Monday, June 27, 2016

The Constantine Affliction by T. Aaron Payton (#SF, #Steampunk, #GenderBending)

Offering up an interesting mix of genres (with an abrupt change of course in the last act), The Constantine Affliction is a fun, engaging, imaginative read that manages to succeed despite the relative blandness of its main character. That's not to say Pimm isn't an interesting character on his own, but he lacks the quirks and personality traits that make the other characters leap off the page.

T. Aaron Payton (better known as T.A. Pratt), has put together a story here that's equal parts thriller, mystery, horror, comedy, and adventure. At the heart of it lies the aforementioned Pimm (an aristocrat who likes to play detective - when not drowning his sorrows), the far more engaging Winifred (his best friend turned spouse - thanks to the gender-changing Constantinopolitan Affliction), and the rather remarkable Syke (investigative reporter and feminist heroine - for whom the glass is always half-full). Facing off against the unlikely trio of heroes is an even unlikelier trio of villains in Abel Value (criminal overlord), Sir Bertram Oswald (the Queen's consort), and Mr. Adams (cousin to Frankenstein's monster). Throw in some clockwork courtesans and some extra-dimensional monsters, set against the backdrop of a London under siege from darkness and disease, and you have yourself one heck of a tale.

Before we get to the story, let me take a moment to talk about the Constantine Affliction itself. Here we have a sexually transmitted disease, and one that often results in death. Nothing remarkable about that, especially for the Victorian age. Those who survive it, however, do not do so unchanged - upon being restored to health, they find that their gender has changed. Winifred is the one 'victim' we get to know best in the tale, and she is one of the strongest characters in the novel, especially in the latter stages. Hers is not the only prominent commentary on gender in the novel, however, as Syke's character has a lot to say about gender roles. Smart, independent, and damned good at her job, she is forced to masquerade as a man in print if she's to have her stories taken seriously.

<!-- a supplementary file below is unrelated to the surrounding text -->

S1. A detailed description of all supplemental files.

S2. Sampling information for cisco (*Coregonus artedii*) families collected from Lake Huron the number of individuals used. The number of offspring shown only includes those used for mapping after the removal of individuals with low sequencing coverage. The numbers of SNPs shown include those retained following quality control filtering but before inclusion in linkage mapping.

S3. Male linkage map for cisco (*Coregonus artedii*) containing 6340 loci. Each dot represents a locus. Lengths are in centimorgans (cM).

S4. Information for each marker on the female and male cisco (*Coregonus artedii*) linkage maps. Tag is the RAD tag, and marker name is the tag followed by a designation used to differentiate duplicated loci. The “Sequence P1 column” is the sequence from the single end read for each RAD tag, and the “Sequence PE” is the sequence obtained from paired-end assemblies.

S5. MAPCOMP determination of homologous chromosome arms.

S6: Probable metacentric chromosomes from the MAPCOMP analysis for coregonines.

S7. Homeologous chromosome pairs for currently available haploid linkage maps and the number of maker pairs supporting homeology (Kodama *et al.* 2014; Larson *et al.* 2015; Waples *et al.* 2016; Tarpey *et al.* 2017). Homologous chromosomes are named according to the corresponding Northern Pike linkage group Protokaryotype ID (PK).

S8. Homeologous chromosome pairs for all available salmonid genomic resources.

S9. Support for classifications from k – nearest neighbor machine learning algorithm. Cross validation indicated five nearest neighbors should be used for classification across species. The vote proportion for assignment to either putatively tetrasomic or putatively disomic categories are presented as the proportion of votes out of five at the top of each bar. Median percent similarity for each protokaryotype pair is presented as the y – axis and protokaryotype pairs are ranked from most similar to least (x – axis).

Elsewhere, there is an awful lot going on, but Payton manages to keep it all on track, all the while building towards a pair of key revelations that quite cleverly connect the dots between the mixed genres. At times chilling, amusing, and altogether fascinating, this is the kind of book where you just have to give yourself permission to settle in and enjoy the ride. It's paced exceptionally well, so much so that you never begrudge Payton the opportunity to explore a few bizarre tangents (and of those there are aplenty). Perhaps Skye's intimate investigation of the clockwork courtesans goes into a bit too much detail, but it's fascinating, and it does help to justify some plot elements further on. Similarly, Mr. Adam's researches into life-after-death may be a bit too grotesque for some readers, but you'll come away believing in the possibility for romance with a disembodied brain.

Where the story faltered a bit, for me, was in the Lovecraftian insanity of the final act. It almost seemed as if, having so deftly handled so many genres already, Payton simply couldn't resist the urge to go all the way with the monstrous finale. The strength of the characters keeps it from becoming too fantastic, but it was so far removed from what I was expecting that I struggled a bit to keep my disbelief willingly suspended. It does give Winifred, our gender-bent heroine, a chance to shine, and does allow for a fitting resolution to the character of Mr. Adams, but it also cast Pimm a bit further out of the limelight.

All-in-all, this was a thoroughly enjoyable read, with enough plot lines to fill a trilogy of novels. Unfortunately, it seems as if this is to be our one-and-only adventure with Pimm and Skye, but there's always hope for a crowdfunded or self-published follow-up (depending, of course, on what rights the publisher has to the series).

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